Energy and Cost Analysis of Rittal Corporation Liquid Cooled Package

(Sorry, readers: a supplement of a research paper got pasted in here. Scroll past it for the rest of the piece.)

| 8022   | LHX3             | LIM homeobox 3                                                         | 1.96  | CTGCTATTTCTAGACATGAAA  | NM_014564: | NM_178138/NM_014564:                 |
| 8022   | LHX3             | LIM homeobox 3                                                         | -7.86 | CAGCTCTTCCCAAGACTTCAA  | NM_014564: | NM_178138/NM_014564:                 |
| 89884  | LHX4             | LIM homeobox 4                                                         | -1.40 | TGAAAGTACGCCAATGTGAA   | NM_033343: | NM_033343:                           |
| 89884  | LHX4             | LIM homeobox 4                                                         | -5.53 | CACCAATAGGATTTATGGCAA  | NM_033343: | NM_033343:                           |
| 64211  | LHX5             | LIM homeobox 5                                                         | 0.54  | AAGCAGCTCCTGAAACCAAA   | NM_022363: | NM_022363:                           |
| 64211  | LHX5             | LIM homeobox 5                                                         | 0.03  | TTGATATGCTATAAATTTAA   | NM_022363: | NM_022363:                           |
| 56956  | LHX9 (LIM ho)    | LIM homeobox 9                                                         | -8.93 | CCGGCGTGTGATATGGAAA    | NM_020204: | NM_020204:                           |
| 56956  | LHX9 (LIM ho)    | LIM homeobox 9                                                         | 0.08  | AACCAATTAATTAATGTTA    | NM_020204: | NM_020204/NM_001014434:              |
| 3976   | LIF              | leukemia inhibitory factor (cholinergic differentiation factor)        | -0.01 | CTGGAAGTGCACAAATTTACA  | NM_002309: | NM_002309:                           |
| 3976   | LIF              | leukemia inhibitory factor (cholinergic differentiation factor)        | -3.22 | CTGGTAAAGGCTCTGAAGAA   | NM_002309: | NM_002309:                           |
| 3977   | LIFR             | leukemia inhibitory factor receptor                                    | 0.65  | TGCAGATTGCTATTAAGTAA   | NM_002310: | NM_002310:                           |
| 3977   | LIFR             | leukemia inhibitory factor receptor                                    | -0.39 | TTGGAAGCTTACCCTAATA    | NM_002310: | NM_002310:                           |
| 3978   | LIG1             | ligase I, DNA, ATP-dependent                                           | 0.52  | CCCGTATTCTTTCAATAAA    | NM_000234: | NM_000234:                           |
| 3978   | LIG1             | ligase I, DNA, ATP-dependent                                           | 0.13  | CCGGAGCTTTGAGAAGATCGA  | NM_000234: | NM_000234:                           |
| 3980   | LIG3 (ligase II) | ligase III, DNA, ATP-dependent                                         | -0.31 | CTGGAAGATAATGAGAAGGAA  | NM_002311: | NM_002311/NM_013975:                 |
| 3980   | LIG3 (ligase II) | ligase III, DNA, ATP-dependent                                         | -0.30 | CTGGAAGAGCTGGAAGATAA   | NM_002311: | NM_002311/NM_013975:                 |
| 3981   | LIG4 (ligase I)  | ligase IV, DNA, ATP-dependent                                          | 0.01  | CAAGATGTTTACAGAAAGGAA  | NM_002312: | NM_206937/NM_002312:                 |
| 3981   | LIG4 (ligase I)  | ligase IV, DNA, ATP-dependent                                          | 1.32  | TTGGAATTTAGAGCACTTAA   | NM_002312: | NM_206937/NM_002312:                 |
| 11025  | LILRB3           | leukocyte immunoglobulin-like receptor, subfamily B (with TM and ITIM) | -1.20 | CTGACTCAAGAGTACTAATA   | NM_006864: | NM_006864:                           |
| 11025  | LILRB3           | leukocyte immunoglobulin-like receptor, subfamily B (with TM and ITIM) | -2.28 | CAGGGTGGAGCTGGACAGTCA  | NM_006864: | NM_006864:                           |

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1 Energy and Cost Analysis of Rittal Corporation Liquid Cooled Package Munther Salim, Ph.D. Yury Lui, PE, CEM, LEED AP eyp mission critical facilities, 200 west adams street, suite 2750, Chicago, il Executive Summary Rittal Corporation Liquid Cooled Package was analyzed and compared to a conventionally cooled data center using legacy raised floor forced air cooling. The analysis presented here was based on a 2,000 ft 2 and 10,000 ft 2 legacy data centers and the comparable LCP cooled data centers. The total area of the data center to package a given number of IT equipment is calculated based on an equal total IT power consumption. It was determined that data centers using LCP can achieve 35-45% savings in required real estate depending on the load. In case of LCP data center, this translates to a higher heat flux (higher density) per rack and per square foot. When comparing the initial costs, the construction cost of data centers using LCP can be 15-30% lower than comparable data centers that use conventional cooling method. However, the cooling equipment cost can be any where from 40-60% higher than conventionally cooled data centers based on number. Looking at the total initial costs, and according to the numbers above, It appears that LCP cooled data centers may be slightly higher when starting a new data center. It seems fair to consider such a system specially when planning on building a new data center. Real estate market analysis reveals that for a small data center, if it can be housed in an office space, savings on the order of 30% should be expected. For a larger data center, where one would need to consider industrial parks, an expected savings around 40% can be achieved in the same city It is clear that LCP cooled data centers can save about 10-20% on total annual fan power consumption. Similarly, and due to smaller foot print, there is an associated saving in envelope and light load, that is translated to total annual cost reduction of about 30-45% in light related cost. In this calculation, it was assumed that lights are not activated by a motion sensor. In all energy calculations, $0.10/kWh was assumed as the cost from the utility company. In developing the central chilled water plant power consumption, Power Usage Effectiveness (PUE) criteria was used as the analysis approach. PUE, which is the total power delivered to site divided by the IT power, was assumed to be 1.5 for an excellent or efficient data center, 2 for average, and 3 for poor or least efficient. The data reveals that 12-14% reduction in power delivered to mechanical chilled water plant can be expected. This is considered an interesting result since it definitely impacts the owner directly and yet reduces the environmental impact of data center through reduction of CO 2 emissions. One can also conclude that even further augmented savings are expected from less efficient data centers. For a small data center with average efficiency, annual savings are expected to be on the order of $30,000. This number may double or guardable depending on the size and efficiency of the data center. Lesser energy savings should be expected from an efficient data centers. When considering the overall savings for a given data center size, apparently the chilled water savings, fan power savings, as well as envelope and lighting savings need to be added. For an average efficiency data center, one would quickly calculate an annual savings of $45,000 and $160,000 for the small and large data centers considered in this study, respectively.